Gun violence continues with little action from Washington
According to the Gun Violence Archive, which defines a mass shooting as “4 or more people being injured or killed,” there have been 277 mass shootings since the beginning of 2017. The question that this violence calls into attention is clear. Could common sense gun control measures curb this number and are such measures passable in the Unites States Congress?
One of the reasons gun control is so heavily debated is because many argue that it simply does not and cannot work. Their logic is that criminals will use gun violence as an answer regardless of what the legislation says. Furthermore, they feel as though the legislation would only infringe on the rights of law abiding citizens.
Dallas Taylor, a University of Southern Mississippi sophomore sports coaching major, affirmed this side of the gun control debate.
“I don’t agree with it. I don’t think it will change anything,” said Taylor. If people want to kill people, they will get guns, whether it is legally or illegally.”
Fortunately, the data produces the opposite assertion. “Evidence from 130 studies in 10 countries suggests that in certain nations the simultaneous implementation of laws targeting multiple firearms restrictions is associated with reductions in firearm deaths. Laws restricting the purchase of (e.g., background checks) and access to (e.g., safer storage) firearms are also associated with lower rates of intimate partner homicides and firearm unintentional deaths in children, respectively,” said an “Epidemiological Reviews” study.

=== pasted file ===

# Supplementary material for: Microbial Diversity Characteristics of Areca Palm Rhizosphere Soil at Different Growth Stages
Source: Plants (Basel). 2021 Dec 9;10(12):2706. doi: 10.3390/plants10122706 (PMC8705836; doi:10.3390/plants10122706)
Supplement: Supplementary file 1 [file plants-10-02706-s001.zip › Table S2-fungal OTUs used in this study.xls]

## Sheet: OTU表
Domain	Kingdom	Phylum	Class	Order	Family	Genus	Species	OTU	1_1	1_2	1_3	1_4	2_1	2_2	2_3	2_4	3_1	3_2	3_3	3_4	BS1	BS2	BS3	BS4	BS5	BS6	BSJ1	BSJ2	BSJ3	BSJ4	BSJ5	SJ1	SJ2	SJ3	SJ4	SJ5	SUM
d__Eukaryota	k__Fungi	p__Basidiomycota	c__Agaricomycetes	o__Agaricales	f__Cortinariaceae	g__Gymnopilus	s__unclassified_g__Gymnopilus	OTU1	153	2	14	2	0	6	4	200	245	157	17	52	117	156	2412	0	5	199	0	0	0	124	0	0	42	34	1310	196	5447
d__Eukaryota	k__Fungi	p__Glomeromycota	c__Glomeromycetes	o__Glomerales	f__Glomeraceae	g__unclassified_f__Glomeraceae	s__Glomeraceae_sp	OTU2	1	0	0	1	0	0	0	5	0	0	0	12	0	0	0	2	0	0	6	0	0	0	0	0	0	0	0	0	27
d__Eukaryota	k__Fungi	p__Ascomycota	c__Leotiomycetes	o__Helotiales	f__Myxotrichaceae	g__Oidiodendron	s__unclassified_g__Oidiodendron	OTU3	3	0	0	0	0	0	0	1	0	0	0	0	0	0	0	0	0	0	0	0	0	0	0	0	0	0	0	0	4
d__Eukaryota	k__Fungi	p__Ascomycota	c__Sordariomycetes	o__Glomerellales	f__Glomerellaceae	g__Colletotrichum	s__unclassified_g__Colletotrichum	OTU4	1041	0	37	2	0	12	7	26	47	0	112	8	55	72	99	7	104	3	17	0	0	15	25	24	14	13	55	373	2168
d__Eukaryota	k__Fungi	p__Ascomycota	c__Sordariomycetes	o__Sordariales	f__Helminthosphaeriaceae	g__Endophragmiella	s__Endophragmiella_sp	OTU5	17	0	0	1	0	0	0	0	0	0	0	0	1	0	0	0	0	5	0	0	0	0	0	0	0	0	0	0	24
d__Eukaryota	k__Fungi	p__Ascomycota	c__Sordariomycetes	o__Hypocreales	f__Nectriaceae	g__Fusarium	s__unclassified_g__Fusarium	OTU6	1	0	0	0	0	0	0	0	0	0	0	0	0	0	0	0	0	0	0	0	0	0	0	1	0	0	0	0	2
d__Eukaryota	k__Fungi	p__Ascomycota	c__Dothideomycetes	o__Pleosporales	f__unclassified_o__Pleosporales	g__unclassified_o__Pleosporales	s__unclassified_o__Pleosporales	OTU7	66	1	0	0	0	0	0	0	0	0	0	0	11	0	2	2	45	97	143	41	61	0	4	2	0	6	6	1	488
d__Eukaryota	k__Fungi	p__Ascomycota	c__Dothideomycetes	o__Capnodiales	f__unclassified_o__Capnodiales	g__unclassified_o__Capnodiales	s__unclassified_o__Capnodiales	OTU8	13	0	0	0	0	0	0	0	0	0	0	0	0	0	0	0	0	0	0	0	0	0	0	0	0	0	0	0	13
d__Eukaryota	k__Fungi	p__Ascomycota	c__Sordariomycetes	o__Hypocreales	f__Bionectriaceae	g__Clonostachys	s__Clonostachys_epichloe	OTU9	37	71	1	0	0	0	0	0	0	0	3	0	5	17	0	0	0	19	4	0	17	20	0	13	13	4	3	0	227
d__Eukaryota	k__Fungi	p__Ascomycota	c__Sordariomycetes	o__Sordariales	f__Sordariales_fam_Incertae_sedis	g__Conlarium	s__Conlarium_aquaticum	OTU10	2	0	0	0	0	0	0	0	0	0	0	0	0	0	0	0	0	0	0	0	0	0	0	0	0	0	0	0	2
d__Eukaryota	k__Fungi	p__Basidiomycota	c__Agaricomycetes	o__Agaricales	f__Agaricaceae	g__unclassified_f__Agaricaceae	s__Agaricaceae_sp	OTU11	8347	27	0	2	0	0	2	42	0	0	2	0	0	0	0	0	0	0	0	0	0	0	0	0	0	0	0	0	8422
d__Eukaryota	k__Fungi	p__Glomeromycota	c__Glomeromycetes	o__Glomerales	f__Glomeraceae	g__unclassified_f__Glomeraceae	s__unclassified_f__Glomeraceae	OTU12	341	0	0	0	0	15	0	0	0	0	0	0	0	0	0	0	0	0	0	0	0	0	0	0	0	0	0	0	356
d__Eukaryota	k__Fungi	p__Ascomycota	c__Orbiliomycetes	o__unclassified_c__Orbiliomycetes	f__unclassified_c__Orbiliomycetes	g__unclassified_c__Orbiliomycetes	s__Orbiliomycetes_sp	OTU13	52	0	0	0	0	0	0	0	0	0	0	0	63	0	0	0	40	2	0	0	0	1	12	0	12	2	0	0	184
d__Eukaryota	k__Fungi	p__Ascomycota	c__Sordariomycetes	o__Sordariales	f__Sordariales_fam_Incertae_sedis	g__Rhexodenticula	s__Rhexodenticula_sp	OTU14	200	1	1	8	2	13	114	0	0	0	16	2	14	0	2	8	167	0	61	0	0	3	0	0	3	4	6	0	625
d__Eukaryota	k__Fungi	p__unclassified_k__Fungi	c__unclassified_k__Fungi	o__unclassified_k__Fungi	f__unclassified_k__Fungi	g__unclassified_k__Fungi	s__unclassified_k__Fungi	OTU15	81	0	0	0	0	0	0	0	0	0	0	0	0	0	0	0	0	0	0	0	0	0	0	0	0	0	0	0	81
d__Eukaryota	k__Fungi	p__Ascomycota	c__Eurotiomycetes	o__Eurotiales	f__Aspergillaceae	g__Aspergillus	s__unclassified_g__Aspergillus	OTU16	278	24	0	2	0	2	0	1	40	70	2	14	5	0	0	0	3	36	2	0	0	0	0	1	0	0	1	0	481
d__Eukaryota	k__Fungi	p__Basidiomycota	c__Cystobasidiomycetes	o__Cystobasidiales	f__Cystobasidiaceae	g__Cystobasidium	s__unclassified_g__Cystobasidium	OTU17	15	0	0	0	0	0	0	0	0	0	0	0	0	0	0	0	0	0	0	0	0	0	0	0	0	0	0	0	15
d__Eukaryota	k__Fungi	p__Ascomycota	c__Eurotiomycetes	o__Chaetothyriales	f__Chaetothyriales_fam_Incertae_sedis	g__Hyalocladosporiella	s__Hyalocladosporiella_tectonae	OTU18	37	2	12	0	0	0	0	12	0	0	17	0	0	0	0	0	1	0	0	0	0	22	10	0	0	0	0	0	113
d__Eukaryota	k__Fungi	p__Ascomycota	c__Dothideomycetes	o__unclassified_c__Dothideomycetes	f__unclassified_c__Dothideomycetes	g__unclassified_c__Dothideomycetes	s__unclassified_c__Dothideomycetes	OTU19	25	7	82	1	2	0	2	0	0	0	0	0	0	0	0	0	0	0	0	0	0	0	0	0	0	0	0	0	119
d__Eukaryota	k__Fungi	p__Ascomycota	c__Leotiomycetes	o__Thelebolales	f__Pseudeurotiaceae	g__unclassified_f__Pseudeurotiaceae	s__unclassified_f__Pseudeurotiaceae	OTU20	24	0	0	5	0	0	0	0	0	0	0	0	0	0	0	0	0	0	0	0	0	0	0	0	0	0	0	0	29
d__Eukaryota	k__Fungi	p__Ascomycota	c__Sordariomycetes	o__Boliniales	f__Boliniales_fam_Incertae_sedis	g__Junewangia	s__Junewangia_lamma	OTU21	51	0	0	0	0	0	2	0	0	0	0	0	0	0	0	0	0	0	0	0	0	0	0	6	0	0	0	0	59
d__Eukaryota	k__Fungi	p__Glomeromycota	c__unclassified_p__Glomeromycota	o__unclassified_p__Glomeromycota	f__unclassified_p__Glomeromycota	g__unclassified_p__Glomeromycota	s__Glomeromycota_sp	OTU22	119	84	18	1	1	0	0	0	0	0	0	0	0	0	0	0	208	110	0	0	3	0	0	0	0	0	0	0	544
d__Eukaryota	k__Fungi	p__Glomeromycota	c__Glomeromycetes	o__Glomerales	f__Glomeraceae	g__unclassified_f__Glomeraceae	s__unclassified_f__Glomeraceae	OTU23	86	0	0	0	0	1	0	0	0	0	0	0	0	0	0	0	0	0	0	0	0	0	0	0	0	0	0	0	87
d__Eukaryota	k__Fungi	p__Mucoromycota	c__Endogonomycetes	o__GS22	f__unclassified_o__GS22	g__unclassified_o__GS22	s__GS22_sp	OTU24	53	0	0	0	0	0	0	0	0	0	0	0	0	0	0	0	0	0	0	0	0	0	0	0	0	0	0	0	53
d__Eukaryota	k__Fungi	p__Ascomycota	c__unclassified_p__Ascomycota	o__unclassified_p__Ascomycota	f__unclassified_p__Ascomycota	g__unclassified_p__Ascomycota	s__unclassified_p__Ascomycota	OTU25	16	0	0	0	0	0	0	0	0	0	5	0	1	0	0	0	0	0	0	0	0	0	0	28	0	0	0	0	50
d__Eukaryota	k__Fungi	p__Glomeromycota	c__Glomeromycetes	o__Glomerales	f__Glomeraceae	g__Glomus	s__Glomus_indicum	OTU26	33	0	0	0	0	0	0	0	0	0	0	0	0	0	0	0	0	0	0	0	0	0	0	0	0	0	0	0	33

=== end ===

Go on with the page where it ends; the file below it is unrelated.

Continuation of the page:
The United States has more firearms than any other nation on this planet. “The Small Arms” international survey found that the United States has more guns per capita than any country in the world. The survey found that in 2007, there were 88.8 guns per 100 people. The Congressional Research Service’s studies found that the American people own more than 300 million guns. Additionally, The United States has more deaths by guns than any other developed nation in the world. According to United Nations data compiled by The Guardian, the United States had more gun-related homicides per capita than any developed country in the world. In 2012, the United States lead the developed world with 29.7 gun related homicides per one million people.
With all this in mind, it is clearer than ever that the United States has a problem with gun violence. Unfortunately, gun control legislation seems more like a distant dream than a possible reality for the American people, and the forces working against legislation can seem insurmountable. It is politically unpopular for many politicians to propose any sort of gun control legislation. The National Rifle Association is one of the most indomitable lobbying forces in Washington. They contribute millions of dollars in campaign donations to ensure that gun control is politically kept off the table.
In regard to the NRA’s lobbying power in Washington, Elizabeth Warren questioned her congressional colleagues on the senate floor on Oct. 8, 2015.